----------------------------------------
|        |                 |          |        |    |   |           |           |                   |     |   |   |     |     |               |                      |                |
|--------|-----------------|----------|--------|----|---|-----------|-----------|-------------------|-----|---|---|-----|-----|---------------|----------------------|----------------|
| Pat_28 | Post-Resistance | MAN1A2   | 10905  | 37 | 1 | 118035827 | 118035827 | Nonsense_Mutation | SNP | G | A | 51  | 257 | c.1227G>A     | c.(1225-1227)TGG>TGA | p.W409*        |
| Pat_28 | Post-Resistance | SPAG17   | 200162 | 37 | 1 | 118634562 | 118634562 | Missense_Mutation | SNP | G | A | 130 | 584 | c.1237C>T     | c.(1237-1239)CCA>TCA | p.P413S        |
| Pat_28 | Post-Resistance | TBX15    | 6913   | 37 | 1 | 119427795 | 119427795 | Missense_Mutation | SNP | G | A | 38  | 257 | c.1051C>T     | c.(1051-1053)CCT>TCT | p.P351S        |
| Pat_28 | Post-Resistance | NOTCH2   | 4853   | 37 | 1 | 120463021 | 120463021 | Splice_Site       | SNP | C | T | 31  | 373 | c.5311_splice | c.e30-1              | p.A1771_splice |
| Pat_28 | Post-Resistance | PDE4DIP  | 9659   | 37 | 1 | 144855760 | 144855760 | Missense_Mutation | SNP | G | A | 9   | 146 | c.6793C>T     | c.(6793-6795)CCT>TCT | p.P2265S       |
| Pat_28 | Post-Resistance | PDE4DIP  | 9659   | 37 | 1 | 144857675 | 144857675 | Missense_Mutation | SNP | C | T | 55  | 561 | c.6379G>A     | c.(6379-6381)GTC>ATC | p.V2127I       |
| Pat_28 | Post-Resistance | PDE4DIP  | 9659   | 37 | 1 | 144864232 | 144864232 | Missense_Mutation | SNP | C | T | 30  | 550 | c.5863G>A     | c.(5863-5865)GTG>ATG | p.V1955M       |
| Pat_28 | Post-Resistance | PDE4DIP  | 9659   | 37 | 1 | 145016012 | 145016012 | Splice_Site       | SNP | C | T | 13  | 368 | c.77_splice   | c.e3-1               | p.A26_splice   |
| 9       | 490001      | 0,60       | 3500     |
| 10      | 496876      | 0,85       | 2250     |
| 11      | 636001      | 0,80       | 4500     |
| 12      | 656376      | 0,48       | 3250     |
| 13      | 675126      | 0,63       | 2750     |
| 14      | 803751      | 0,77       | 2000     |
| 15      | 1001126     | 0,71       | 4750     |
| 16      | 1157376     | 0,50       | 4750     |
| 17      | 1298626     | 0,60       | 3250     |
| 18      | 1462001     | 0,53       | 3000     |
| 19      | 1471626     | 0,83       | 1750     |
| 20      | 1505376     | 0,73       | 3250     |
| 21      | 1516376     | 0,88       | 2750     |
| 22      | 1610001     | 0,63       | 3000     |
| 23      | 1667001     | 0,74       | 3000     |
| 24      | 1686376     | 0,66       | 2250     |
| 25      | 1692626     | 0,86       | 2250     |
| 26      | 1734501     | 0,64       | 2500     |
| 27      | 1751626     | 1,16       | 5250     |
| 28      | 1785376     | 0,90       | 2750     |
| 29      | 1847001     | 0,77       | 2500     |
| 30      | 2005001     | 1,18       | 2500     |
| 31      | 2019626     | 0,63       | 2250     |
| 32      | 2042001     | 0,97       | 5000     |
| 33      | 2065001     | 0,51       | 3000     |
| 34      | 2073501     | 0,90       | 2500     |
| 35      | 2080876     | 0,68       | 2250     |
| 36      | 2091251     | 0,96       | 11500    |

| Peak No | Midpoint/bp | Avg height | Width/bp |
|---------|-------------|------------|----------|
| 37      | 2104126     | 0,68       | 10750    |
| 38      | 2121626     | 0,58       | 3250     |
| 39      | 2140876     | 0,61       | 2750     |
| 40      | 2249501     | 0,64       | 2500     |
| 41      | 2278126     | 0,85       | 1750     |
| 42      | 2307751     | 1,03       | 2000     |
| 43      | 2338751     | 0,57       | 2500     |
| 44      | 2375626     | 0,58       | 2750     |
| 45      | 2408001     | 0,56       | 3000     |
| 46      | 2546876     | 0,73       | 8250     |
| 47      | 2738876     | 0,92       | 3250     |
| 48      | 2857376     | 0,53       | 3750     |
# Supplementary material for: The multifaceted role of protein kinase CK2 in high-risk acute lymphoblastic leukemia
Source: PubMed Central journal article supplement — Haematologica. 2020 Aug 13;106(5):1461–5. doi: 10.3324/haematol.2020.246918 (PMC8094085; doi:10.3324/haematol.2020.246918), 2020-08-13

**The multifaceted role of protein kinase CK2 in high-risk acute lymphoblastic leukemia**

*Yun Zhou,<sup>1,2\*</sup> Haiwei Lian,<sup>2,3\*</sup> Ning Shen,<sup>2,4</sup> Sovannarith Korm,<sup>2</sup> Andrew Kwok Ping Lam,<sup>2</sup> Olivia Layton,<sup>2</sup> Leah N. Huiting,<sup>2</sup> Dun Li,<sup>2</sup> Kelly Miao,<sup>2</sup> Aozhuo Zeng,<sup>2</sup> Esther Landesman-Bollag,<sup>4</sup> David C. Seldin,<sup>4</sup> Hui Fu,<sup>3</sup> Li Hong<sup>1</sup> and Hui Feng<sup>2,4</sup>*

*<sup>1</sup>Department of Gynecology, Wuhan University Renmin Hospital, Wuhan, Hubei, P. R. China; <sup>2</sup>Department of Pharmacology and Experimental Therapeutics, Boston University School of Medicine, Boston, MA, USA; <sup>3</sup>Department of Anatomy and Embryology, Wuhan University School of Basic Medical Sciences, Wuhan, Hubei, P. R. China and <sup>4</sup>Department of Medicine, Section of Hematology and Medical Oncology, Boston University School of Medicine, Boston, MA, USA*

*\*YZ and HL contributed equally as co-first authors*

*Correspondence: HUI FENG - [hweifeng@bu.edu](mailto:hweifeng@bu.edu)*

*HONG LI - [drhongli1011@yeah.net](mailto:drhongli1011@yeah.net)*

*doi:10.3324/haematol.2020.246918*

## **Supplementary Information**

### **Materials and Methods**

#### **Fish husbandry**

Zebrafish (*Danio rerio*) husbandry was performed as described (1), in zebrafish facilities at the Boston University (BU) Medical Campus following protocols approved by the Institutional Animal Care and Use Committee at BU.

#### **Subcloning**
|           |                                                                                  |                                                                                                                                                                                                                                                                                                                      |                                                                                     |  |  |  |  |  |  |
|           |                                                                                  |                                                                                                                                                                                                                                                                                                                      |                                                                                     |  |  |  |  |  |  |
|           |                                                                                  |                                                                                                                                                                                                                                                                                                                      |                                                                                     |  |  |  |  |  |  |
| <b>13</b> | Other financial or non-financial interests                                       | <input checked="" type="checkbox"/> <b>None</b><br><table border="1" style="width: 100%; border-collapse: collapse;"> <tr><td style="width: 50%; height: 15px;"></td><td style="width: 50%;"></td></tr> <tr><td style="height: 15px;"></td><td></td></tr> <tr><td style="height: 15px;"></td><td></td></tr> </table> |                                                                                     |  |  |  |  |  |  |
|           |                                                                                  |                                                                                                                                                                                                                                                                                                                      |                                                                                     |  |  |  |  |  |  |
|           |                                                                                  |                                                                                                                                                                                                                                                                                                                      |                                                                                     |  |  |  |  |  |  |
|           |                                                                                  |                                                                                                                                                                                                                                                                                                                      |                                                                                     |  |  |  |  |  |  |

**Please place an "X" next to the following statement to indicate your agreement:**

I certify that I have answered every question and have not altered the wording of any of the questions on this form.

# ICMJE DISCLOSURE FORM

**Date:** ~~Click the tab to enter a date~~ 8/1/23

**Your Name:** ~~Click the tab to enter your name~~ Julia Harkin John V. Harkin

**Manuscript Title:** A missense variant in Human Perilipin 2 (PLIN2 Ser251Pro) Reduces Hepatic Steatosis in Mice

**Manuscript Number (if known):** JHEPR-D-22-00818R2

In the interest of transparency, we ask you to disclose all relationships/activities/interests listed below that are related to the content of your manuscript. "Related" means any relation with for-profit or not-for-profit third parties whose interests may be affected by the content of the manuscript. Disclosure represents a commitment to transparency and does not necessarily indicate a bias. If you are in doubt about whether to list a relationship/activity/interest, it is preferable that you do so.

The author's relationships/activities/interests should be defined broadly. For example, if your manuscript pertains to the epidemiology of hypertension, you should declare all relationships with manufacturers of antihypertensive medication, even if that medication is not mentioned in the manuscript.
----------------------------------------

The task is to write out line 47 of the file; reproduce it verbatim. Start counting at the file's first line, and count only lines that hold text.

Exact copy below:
| 43      | 2338751     | 0,57       | 2500     |